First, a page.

At one firm I applied to (this is for consulting) the recruiter and a friend of mine who works reiterated the internal training opportunities, the fluid career trajectory, and the opportunity to “intern” within different departments. However, I am not sure whether this is just the usual BS that recruiters and what-not spew. I guess too when you have student loans and what not, I need to consider getting ready to pay them off. My hope is that I will be able to get lots of broad experience, because lets face it. At 22 I have no idea what the fuck I am doing.

    Out of curiosity, what are your employment plans if you don’t mind me asking. Given your criticism of the legal profession, but also you presumable interest in it (considering this blog) what type of law do you want to go back into?

  8. bl1y Says:

    Right now I plan on applying for a job as a legislative aide, because I should be able to get my school to forgive my loans if I do that for three years. If I don’t get that position (and it’s quite likely I won’t), who knows.

    I really don’t want to practice law though. The more interesting stuff usually requires a specialized background (like IP), or just isn’t particularly marketable (constitutional law, ethics), or it both requires a technical background and isn’t marketable (cyberlaw).

    Law is generally divided into two areas of tedium. You can either do important work on small cases you probably don’t give two shits about (like arguing a DUI defense, or handling a small divorce), or you work on a case that might be interesting, but you just do dull grunt work (due diligence on the deal of the century). I find neither prospect particularly inspiring.

    The other option on the table is move to LA and try to get a job in either writing or talent management. It’s a pretty risky move, but hell, I did the safe big-law thing and ended up with my loans overdue and losing my home. Can being a starving writer be any worse than that?

  9. wlmingtonwave Says:

    I was not aware that the career trajectories for the legal profession could be so inflexible. It makes me wonder what the hell all of my classmates are thinking when they say “Yeah, I am going to law school” and then “No…I don’t want to be a lawyer.”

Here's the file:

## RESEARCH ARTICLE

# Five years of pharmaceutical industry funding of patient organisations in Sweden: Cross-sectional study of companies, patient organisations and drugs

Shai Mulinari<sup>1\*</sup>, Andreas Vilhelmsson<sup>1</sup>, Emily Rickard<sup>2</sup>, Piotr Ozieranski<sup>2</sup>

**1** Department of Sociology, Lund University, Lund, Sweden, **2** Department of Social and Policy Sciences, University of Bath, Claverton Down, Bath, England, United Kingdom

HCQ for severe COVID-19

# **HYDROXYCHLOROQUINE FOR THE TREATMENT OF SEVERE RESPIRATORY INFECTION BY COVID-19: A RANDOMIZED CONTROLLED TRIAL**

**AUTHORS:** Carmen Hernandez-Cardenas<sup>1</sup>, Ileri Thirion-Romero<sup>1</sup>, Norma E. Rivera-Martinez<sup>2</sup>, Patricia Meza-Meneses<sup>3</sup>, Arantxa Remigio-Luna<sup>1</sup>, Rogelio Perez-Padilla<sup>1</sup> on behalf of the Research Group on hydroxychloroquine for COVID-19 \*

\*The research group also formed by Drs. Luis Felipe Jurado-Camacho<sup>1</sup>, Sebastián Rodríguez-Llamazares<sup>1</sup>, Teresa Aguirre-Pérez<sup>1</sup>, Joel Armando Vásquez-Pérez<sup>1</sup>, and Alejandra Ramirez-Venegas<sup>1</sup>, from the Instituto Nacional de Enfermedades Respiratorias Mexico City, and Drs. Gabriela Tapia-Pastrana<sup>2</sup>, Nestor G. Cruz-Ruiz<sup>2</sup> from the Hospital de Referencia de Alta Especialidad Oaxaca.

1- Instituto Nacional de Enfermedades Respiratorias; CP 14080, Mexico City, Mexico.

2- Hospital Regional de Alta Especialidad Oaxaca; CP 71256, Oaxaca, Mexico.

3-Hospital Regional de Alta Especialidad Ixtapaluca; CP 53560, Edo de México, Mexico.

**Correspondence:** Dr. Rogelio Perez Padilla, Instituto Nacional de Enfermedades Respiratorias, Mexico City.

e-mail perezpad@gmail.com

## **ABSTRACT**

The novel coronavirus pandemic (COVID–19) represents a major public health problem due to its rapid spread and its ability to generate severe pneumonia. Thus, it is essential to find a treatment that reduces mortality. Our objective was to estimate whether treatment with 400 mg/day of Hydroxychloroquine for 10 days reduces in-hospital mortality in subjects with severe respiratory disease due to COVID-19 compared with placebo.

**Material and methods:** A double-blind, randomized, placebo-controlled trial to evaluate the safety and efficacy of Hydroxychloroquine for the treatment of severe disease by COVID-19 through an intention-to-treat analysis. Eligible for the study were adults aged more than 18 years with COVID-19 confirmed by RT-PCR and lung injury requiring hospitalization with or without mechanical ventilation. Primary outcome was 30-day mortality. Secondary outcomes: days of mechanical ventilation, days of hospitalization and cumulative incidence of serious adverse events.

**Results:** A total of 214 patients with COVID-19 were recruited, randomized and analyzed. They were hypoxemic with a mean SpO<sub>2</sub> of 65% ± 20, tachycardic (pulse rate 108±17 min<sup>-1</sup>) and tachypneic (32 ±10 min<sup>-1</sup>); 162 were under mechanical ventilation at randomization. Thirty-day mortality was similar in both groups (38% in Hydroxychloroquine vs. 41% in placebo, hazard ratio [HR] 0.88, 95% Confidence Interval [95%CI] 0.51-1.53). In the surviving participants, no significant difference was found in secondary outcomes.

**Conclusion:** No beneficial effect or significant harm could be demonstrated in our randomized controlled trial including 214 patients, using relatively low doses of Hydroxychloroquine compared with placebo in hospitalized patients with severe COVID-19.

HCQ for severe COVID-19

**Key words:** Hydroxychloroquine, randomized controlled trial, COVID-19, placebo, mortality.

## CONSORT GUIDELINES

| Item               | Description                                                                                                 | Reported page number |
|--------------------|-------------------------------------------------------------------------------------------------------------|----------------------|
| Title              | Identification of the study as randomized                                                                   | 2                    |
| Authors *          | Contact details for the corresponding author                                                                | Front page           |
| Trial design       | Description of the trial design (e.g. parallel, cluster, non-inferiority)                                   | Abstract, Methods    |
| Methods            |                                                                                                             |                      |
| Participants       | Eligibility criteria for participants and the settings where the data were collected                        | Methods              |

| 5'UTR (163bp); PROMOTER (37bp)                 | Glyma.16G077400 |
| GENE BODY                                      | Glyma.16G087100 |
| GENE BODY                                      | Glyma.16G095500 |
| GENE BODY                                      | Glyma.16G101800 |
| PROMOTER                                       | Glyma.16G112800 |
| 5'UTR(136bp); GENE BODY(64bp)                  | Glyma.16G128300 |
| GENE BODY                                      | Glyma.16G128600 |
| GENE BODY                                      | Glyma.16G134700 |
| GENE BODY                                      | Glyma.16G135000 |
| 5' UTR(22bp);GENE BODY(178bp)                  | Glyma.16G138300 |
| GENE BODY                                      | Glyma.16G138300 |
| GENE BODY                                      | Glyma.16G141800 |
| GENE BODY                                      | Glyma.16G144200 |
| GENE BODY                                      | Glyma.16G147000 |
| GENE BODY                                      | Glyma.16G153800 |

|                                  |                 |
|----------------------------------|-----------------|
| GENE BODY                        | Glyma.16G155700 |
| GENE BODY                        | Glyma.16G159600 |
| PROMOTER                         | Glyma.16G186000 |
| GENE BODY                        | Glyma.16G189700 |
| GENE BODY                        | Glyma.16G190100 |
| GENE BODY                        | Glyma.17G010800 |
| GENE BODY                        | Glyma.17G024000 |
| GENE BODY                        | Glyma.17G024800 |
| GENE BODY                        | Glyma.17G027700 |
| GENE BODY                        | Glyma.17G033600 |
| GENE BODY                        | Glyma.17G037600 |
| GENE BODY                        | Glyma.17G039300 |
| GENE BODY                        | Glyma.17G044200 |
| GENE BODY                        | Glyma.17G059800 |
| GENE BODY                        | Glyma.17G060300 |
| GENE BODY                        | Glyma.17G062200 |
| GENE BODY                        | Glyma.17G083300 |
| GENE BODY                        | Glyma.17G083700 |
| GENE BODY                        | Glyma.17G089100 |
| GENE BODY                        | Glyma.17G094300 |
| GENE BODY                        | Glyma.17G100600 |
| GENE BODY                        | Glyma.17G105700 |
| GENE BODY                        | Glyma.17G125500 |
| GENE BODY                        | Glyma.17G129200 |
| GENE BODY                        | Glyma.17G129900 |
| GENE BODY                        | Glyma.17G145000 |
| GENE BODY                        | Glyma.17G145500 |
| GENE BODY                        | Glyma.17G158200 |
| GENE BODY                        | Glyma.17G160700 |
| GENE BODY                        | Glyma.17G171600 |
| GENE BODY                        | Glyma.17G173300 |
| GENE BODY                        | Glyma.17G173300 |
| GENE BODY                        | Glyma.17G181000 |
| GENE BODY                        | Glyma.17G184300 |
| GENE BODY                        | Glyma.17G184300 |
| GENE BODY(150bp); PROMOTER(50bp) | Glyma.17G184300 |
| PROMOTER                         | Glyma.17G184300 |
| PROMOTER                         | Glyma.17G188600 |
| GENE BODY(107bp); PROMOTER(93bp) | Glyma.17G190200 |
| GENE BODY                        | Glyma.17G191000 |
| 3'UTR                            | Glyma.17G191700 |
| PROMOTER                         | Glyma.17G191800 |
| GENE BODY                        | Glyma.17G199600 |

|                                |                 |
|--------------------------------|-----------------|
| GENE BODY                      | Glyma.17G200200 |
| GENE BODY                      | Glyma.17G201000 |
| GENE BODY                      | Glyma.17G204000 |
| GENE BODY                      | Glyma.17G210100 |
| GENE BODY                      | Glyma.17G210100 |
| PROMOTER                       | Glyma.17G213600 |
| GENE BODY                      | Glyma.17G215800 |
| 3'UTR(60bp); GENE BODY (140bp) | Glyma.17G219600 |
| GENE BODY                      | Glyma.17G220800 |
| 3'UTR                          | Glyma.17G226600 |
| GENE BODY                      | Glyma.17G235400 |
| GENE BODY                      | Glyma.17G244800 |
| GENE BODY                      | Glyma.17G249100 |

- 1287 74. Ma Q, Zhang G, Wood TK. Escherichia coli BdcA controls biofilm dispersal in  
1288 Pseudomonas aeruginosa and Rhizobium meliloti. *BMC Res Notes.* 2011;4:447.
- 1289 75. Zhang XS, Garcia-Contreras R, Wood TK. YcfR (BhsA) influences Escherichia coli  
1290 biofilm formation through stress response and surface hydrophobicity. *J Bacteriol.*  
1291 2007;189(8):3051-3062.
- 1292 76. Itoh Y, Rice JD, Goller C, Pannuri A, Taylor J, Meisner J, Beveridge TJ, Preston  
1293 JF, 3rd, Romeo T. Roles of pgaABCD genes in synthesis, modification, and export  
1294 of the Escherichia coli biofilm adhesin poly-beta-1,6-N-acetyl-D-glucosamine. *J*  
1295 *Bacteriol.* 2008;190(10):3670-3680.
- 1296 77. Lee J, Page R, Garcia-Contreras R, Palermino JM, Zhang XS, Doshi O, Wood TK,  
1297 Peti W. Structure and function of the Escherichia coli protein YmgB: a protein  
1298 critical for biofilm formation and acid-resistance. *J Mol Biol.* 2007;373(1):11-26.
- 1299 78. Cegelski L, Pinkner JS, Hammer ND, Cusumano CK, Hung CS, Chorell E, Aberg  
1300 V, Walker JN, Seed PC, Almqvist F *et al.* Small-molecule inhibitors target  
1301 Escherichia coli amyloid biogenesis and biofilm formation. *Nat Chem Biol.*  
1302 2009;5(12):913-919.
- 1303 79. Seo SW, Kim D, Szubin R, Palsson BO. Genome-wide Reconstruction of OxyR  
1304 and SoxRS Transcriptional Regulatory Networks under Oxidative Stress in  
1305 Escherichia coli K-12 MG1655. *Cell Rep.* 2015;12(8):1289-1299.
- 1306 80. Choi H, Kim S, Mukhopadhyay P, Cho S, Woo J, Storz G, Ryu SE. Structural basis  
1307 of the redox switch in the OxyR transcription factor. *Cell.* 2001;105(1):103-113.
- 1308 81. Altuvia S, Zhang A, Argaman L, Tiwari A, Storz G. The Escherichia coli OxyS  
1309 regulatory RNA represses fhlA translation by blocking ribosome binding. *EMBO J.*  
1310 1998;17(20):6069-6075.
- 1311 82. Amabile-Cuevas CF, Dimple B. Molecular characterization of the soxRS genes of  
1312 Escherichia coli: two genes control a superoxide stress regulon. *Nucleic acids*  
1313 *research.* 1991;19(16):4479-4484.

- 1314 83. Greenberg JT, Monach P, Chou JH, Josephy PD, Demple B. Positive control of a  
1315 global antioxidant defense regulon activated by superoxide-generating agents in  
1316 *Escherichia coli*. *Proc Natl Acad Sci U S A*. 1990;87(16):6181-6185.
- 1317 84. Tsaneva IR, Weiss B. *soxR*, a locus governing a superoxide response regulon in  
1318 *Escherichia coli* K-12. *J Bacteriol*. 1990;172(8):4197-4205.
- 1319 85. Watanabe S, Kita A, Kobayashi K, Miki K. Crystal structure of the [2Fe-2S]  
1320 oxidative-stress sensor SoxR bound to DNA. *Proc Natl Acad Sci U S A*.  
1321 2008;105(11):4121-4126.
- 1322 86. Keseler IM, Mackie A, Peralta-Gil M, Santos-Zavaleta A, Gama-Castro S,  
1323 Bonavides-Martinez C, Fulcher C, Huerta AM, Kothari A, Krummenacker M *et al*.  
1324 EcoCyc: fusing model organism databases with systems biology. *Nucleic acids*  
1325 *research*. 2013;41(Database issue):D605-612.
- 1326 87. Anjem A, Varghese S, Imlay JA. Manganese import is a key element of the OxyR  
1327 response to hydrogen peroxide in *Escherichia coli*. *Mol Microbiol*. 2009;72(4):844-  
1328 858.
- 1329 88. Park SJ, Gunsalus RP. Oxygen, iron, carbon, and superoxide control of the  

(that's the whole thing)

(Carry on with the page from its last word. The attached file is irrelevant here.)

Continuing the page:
Well you certainly have a unique and humorous style of writing, but that is still interesting. However, I think you hit on another important point: the importance in this workplace of being flexible. Right now that is just so essential. It is not our parents generation anymore where we’d put in 20-25 years with company XYZ and get the gold watch, buy some white shoes, and move down to Florida. We need to be constantly innovating and adapting. Hell, moving to LA and throwing caution to the wind is probably the rational thing to do at this point.

  10. bl1y Says:

    Right, I’m not sure why so many people are ready to just do things however the Boomers did it despite how much the world has changed since then.

    Just think about how much legal work has changed (or has potential to have changed). Research is now 95-99% online, instead of in libraries. There are huge databases of white papers and client alerts that, if you keep up with, can save you tons of hours in research instead of re-inventing the wheel, which isn’t good if you’re billing by the hour, but great if you’re in-house counsel or a small operation doing flat fee work.

    If Gen Y was building the legal industry from the ground up, we’d have huge networks of attorneys who are building wikipedia-like networks, Q&A forums, etc. Research time would be reduced to almost nothing, and we’d all do flat fee and earn thousands of dollars an hour.